Going Beyond Donations
We have come to realize the task of giving away food is a highly personal endevour but even more is the accepting of food. Human beings are intricately tied to food and there is a deep pyschological impact tied in with hunger.
It goes back to asking for help--it isn't easy.
This is how our distribution program came to be shaped as it is. Fresh food is a human right, and we will deny no person. While we donate most of our harvests to food banks and kitchens we are also known to give food to any person we happen to be near.
It is our duty to give, not our duty to decide who is and is not hungry.
We welcome all suggestions of outlets and work diligently to diversify our distribution points throughout our community. It is important to us the food being given away is done with an emphasis on building human connections. It is more than just dropping food off at a location.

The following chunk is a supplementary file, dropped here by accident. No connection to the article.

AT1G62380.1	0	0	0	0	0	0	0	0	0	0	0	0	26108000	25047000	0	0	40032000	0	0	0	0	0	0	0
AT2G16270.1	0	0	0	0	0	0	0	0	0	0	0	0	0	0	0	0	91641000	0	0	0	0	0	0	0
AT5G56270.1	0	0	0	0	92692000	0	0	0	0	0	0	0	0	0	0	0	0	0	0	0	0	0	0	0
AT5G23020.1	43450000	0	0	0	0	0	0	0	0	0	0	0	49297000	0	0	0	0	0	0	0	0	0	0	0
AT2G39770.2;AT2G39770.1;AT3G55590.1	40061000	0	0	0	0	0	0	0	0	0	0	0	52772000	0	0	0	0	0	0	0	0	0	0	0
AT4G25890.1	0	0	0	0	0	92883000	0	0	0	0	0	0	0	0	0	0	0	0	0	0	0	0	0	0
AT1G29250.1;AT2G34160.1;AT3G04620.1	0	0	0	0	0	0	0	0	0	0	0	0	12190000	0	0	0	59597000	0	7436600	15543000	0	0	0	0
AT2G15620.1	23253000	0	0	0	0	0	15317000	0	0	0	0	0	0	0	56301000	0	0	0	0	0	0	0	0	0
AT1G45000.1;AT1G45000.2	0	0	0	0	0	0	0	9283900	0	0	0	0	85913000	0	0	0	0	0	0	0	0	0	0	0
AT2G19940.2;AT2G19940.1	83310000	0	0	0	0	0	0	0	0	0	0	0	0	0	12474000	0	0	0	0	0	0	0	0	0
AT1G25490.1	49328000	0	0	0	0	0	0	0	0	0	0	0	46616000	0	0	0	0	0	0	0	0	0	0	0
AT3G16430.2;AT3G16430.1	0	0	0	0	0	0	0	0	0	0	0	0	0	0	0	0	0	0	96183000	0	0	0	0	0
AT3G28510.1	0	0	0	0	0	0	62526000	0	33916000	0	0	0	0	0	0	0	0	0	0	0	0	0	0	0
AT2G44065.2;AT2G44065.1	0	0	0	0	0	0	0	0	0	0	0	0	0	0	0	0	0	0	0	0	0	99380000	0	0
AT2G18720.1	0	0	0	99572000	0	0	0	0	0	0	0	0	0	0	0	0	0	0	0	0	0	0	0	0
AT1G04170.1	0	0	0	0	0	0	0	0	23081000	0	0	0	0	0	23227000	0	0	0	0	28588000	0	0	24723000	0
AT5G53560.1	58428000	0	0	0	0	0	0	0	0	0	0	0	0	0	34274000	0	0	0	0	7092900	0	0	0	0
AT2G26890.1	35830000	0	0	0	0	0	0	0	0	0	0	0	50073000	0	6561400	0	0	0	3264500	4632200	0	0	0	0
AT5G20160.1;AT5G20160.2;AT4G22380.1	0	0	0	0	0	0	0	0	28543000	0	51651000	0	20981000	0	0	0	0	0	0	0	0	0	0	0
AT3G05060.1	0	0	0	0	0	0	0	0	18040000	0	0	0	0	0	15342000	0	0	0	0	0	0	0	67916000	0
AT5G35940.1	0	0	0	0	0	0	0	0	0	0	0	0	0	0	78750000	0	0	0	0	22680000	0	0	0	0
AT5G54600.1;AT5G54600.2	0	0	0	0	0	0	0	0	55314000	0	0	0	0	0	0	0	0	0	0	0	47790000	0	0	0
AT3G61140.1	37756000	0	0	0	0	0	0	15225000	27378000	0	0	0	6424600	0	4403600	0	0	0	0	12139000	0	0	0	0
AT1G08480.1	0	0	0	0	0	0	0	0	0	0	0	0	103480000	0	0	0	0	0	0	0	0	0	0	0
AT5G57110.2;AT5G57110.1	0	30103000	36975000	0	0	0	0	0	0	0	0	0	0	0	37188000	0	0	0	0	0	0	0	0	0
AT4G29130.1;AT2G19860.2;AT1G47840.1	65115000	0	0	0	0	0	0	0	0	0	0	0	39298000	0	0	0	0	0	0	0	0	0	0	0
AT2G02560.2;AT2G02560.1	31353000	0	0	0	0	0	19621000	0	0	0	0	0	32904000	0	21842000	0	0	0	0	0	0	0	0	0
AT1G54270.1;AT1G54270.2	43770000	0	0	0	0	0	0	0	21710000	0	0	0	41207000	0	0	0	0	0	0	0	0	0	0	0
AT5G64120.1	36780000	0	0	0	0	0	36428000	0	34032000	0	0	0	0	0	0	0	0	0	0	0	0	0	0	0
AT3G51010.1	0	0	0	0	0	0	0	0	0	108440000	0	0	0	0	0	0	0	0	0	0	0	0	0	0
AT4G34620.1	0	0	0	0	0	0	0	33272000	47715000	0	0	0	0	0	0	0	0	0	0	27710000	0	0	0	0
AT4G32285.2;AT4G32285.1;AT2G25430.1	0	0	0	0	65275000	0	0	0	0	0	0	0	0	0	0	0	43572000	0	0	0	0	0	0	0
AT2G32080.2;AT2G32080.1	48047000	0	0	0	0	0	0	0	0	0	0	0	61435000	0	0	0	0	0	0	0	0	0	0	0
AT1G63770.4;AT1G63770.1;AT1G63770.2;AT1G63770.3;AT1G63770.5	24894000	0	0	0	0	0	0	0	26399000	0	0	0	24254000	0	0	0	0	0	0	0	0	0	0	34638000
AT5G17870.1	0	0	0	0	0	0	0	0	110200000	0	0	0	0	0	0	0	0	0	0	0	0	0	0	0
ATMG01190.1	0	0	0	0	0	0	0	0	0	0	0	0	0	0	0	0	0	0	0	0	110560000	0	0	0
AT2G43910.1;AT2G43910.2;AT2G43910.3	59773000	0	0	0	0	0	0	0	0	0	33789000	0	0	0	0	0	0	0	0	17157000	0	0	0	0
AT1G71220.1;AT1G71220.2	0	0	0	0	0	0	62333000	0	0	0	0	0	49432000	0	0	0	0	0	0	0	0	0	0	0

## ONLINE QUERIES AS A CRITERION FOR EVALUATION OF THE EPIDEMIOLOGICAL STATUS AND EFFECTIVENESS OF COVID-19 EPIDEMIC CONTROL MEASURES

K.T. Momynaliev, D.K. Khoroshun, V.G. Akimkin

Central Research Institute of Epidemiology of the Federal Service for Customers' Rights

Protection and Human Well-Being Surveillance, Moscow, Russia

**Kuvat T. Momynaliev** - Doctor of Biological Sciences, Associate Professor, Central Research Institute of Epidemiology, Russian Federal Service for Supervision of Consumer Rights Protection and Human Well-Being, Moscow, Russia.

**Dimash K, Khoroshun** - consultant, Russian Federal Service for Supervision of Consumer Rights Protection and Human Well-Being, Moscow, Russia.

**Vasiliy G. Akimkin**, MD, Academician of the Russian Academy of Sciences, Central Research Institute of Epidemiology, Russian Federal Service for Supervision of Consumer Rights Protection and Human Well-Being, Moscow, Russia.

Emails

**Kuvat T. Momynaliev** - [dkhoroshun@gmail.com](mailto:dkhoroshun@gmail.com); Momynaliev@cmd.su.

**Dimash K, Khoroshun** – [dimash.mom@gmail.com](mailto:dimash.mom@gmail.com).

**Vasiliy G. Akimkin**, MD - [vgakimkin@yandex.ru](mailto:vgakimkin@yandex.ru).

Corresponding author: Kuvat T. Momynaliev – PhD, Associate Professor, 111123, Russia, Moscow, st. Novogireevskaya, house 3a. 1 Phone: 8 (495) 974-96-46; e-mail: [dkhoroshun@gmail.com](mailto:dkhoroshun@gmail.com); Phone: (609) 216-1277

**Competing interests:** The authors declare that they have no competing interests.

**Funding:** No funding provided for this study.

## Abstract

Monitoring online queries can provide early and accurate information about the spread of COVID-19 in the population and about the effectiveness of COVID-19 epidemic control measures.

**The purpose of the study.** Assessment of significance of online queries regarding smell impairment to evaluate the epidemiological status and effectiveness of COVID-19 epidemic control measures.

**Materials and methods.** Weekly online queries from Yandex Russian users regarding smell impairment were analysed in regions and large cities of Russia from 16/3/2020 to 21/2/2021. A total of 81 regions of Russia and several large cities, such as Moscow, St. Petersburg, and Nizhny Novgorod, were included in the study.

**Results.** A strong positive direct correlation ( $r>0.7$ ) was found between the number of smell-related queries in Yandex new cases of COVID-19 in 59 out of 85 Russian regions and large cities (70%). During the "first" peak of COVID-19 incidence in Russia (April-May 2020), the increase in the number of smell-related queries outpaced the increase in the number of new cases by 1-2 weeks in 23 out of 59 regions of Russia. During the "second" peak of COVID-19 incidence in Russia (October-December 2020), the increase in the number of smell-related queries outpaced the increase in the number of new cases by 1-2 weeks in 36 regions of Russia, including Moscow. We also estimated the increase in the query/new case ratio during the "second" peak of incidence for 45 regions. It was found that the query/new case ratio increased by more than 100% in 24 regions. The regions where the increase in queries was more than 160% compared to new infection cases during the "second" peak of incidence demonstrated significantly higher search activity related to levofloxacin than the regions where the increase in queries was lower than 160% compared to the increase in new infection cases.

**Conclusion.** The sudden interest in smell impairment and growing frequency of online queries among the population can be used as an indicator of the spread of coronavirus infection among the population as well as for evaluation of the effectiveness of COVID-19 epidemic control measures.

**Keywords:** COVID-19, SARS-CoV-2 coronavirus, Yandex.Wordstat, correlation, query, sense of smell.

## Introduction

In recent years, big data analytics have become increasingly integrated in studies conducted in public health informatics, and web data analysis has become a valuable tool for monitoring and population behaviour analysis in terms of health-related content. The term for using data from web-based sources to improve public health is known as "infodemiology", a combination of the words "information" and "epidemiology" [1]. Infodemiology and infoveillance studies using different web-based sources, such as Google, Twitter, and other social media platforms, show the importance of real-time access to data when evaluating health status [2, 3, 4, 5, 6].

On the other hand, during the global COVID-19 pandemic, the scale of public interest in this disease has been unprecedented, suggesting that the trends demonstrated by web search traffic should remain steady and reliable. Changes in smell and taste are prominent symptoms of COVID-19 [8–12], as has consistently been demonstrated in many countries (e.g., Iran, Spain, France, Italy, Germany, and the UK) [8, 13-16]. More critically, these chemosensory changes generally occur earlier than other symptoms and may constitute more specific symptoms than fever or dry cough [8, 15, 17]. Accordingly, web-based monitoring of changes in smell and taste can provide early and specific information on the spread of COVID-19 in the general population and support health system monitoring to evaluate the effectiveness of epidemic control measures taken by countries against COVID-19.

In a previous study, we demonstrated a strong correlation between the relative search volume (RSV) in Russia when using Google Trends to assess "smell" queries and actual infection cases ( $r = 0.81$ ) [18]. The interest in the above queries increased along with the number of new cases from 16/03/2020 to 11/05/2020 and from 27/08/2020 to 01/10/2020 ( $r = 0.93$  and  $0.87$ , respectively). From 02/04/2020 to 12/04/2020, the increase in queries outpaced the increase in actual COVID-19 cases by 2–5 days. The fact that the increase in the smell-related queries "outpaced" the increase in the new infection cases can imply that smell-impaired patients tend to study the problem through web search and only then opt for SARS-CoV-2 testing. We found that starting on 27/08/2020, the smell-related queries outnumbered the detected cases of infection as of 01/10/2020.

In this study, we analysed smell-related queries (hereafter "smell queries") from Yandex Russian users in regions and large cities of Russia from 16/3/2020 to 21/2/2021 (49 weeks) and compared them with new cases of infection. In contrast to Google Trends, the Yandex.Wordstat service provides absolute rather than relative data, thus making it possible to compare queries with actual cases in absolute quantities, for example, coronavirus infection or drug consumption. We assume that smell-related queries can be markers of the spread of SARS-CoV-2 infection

It's about the voices of those we serve.
Is sharing of food even legal?
YES IT IS!
On October 1, 1996, President Clinton signed this act to encourage donation of food and grocery products to non-profit organizations for distribution to individuals in need.
Protects you from liability when you donate to a non-profit organization;
Protects you from civil and criminal liability should the product donated in good faith later cause harm to the recipient;
Standardizes donor liability exposure. You or your legal counsel do not need to investigate liability laws in 50 states; and
Sets a floor of "gross negligence" or intentional misconduct for persons who donate grocery products. According to the new law, gross negligence is defined as "voluntary and conscious conduct by a person with knowledge (at the time of conduct) that the conductis likely to be harmful to the health or well-being of another person."